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Affirmative action 

The University of Arkansas at Fayetteville has a smarter student body these days. Merit-only scholarships have done a marvelous job of attracting bright Arkansas students who once sought elite colleges out of state. They also pull in out-of-state students, an influx responsible for the tiny gain in entering UA freshman enrollment this year.

But there’s a downside to putting all your money in this meritorious basket.

A new report from the Education Trust says the UA, along with a handful of other major universities, is failing low-income and minority students. The land grant university is becoming “whiter and richer” than the state it serves.

This is the final tragic result of richly documented research that says low-income children (who are disproportionately black) start with a disadvantage at birth that grows with each passing day, in part because of things so simple as less effective communication by parents. It’s unfashionable now to suggest affirmative action to help the poor and minority enter the doors of the state’s elite university. Is a scholarship-influenced bias toward white children of comfortable means affirmative action? Maybe not. But nor is it fair.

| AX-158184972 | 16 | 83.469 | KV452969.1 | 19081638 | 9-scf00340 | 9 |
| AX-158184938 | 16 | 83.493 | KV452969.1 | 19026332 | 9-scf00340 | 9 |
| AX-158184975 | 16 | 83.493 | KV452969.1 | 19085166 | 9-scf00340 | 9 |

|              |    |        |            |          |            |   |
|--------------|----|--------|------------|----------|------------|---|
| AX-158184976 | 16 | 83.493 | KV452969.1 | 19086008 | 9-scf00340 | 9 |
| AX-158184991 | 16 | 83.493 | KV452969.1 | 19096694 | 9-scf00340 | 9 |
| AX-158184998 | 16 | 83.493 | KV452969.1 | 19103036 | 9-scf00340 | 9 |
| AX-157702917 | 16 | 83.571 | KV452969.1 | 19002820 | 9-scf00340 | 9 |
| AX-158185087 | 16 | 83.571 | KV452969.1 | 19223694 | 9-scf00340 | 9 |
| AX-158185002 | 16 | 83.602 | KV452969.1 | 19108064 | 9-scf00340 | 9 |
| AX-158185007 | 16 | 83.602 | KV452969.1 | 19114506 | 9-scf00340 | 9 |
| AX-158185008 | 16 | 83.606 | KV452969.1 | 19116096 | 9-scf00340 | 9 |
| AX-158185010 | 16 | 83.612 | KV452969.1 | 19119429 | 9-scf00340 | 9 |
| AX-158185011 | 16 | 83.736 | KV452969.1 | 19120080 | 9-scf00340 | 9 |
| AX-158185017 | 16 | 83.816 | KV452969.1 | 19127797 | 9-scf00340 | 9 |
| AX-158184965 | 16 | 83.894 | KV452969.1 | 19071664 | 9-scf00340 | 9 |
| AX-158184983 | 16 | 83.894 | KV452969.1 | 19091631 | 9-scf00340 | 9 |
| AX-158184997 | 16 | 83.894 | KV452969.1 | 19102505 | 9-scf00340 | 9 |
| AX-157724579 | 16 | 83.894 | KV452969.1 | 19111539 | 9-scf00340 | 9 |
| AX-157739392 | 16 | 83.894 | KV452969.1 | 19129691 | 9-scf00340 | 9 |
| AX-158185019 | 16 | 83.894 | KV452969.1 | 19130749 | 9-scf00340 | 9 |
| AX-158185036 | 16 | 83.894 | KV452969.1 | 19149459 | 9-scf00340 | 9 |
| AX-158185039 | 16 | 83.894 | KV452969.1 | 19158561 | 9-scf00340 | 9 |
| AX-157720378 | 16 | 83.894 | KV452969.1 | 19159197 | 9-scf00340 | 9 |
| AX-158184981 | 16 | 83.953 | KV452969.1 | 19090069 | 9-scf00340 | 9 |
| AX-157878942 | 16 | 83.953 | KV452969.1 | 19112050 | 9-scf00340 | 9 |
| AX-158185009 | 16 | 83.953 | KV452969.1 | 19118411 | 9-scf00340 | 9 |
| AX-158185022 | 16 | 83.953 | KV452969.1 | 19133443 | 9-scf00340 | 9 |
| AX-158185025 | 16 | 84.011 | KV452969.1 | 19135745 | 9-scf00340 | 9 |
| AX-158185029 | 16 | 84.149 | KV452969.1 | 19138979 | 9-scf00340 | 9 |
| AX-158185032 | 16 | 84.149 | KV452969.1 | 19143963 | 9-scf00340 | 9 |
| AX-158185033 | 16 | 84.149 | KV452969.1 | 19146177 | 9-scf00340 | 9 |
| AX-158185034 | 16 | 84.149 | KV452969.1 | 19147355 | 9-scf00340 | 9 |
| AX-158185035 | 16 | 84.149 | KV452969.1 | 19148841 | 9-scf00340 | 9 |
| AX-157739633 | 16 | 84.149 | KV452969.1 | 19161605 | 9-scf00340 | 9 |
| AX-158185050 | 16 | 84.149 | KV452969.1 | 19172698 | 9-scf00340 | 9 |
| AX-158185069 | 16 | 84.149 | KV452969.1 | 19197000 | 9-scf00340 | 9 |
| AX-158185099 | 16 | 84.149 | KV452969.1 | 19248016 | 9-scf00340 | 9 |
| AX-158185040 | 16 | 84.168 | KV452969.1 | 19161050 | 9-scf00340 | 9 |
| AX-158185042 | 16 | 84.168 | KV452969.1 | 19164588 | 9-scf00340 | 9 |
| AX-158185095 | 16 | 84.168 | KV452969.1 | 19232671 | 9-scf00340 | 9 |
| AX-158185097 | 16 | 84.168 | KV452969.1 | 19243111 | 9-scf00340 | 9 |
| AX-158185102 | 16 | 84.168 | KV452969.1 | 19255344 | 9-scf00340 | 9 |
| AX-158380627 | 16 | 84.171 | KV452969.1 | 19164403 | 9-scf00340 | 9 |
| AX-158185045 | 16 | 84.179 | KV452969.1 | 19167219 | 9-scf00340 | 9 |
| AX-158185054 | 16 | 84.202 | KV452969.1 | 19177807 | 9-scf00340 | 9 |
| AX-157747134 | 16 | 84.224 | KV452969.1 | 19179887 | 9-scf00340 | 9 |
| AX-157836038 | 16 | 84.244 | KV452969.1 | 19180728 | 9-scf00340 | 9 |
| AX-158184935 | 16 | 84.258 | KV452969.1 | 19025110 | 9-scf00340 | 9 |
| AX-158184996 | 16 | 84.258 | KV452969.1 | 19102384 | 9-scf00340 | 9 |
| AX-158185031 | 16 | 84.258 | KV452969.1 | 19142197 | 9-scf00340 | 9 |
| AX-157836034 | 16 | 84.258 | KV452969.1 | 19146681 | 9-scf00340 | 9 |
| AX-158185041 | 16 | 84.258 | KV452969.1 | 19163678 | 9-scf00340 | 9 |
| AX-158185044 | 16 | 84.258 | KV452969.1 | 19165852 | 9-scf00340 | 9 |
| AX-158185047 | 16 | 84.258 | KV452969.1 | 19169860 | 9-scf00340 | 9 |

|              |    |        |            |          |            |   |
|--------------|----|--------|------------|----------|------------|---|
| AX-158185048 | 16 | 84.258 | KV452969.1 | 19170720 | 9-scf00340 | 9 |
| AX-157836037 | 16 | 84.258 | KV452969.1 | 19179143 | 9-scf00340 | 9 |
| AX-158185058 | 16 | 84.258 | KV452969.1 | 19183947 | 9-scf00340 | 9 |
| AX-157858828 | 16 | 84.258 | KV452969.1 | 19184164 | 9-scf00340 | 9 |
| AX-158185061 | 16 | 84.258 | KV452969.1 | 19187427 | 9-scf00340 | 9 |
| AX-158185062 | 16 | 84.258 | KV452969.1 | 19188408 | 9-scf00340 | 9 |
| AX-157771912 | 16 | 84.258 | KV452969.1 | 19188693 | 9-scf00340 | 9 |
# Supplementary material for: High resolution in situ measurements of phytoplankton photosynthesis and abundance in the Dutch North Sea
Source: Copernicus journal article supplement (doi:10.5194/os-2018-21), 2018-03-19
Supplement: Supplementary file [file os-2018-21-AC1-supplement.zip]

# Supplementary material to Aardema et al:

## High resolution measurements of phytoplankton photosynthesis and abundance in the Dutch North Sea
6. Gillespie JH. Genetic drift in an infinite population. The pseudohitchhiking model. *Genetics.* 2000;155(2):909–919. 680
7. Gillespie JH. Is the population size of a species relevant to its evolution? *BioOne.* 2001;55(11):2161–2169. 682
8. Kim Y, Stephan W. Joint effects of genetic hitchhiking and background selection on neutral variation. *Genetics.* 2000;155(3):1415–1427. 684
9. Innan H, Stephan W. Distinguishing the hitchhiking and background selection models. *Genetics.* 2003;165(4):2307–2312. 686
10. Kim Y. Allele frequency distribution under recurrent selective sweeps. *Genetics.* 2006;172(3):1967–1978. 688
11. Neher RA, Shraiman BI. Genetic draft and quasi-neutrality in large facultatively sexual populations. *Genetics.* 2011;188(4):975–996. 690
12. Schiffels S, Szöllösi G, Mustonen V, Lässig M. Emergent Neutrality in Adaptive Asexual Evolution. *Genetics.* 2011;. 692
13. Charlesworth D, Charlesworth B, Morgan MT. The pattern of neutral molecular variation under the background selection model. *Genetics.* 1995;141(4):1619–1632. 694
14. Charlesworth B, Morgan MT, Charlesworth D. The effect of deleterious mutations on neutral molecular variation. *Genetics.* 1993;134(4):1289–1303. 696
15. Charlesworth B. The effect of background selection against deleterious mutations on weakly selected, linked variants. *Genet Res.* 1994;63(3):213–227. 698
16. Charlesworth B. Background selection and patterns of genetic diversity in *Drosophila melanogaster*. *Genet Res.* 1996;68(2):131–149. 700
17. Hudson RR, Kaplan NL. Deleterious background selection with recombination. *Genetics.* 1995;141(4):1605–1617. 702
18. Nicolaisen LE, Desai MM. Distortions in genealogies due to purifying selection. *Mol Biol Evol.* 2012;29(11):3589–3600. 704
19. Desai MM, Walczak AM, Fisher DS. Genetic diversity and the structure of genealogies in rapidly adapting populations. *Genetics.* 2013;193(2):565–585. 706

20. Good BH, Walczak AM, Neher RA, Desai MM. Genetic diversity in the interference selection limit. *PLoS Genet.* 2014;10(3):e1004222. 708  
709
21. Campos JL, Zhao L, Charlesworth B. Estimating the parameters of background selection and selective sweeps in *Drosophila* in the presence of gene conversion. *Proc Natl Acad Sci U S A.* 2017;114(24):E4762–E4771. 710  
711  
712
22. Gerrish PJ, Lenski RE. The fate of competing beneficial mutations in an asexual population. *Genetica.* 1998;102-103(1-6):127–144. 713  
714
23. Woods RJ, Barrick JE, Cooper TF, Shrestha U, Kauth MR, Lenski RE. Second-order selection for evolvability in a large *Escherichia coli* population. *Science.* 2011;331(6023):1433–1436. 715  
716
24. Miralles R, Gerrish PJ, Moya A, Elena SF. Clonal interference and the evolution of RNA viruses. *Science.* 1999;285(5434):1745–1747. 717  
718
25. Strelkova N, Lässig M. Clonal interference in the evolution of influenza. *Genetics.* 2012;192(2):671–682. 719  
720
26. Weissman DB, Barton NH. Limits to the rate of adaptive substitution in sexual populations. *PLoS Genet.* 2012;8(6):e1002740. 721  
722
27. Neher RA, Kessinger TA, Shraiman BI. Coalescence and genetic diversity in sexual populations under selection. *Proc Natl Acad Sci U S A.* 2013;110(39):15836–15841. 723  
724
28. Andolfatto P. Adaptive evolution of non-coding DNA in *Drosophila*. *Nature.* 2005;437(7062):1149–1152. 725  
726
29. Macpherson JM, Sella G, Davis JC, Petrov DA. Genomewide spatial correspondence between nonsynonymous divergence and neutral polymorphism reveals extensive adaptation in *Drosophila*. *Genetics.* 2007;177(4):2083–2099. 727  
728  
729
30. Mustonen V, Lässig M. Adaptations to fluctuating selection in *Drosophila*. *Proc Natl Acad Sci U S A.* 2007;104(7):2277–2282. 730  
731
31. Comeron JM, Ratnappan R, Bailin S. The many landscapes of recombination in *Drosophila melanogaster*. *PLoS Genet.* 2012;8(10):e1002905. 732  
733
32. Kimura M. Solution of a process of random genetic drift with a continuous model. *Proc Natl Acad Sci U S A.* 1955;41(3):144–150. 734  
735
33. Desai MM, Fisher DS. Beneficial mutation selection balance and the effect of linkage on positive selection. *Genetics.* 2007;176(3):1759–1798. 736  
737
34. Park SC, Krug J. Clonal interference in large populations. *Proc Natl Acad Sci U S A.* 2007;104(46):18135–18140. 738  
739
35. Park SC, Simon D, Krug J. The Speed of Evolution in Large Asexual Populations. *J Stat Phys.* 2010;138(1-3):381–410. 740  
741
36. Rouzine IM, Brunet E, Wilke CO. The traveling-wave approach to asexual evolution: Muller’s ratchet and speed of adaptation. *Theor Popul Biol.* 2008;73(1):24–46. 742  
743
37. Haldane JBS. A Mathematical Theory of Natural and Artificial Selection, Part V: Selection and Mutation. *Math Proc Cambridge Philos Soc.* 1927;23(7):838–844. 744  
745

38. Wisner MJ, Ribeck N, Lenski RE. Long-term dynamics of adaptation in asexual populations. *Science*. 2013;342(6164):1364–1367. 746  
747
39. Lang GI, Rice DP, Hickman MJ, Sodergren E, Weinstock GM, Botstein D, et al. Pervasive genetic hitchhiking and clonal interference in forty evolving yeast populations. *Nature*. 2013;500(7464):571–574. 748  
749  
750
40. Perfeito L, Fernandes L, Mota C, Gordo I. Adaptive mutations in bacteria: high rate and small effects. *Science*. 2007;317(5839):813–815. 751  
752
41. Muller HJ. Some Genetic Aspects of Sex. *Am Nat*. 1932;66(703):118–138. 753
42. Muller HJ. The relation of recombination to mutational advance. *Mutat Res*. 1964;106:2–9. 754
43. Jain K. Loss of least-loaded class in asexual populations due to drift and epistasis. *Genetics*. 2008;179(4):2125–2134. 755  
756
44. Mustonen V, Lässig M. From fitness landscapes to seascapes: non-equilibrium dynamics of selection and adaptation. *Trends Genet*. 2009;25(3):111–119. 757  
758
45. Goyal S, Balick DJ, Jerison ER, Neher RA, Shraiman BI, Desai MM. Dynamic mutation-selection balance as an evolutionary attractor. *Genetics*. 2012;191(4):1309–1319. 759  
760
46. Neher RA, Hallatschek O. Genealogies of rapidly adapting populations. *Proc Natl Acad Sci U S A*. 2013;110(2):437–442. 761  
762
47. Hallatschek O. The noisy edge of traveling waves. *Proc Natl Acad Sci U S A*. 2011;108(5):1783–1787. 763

The market giveth …

We’re among the admirers of the mayor-council government in North Little Rock and its can-do Mayor Pat Hays. But recent events remind us that he’s enjoyed an advantage not available to most other cities.

For years, North Little Rock has been able to pay for worthwhile “frills” with the hidden tax on residents in the form of the hefty profit produced by city electricity sales ($13 million this year). The last city wholesale power contract, negotiated during a national glut of generating capacity, was particularly advantageous. North Little Rock enjoyed lower rates than Little Rock and they still produced millions for city government use.

The market has adjusted to the glut, as it will. Now it’s a power sellers’ market and the new contract requires a doubling of the city’s wholesale rates. Somebody has to pay.

Hays has proposed a 38 percent retail electric rate increase for city residents, effective Jan. 1. But that’s not all. New taxes will raise the rates on other utilities in the city by 5 to 7 percent. The city also plans to reduce the amount it devotes to capital costs, transferring millions to operating revenue. Some day, this deferred maintenance will come due. Police positions will go unfilled. City business taxes are likely to rise. The amount transferred annually from electric receipts to the general fund will plunge by $8 million.

Frills are likely to be in short supply in the years ahead. When Hays’ term expires in two years, he might decide the job of mayor just isn’t as much fun as it used to be.

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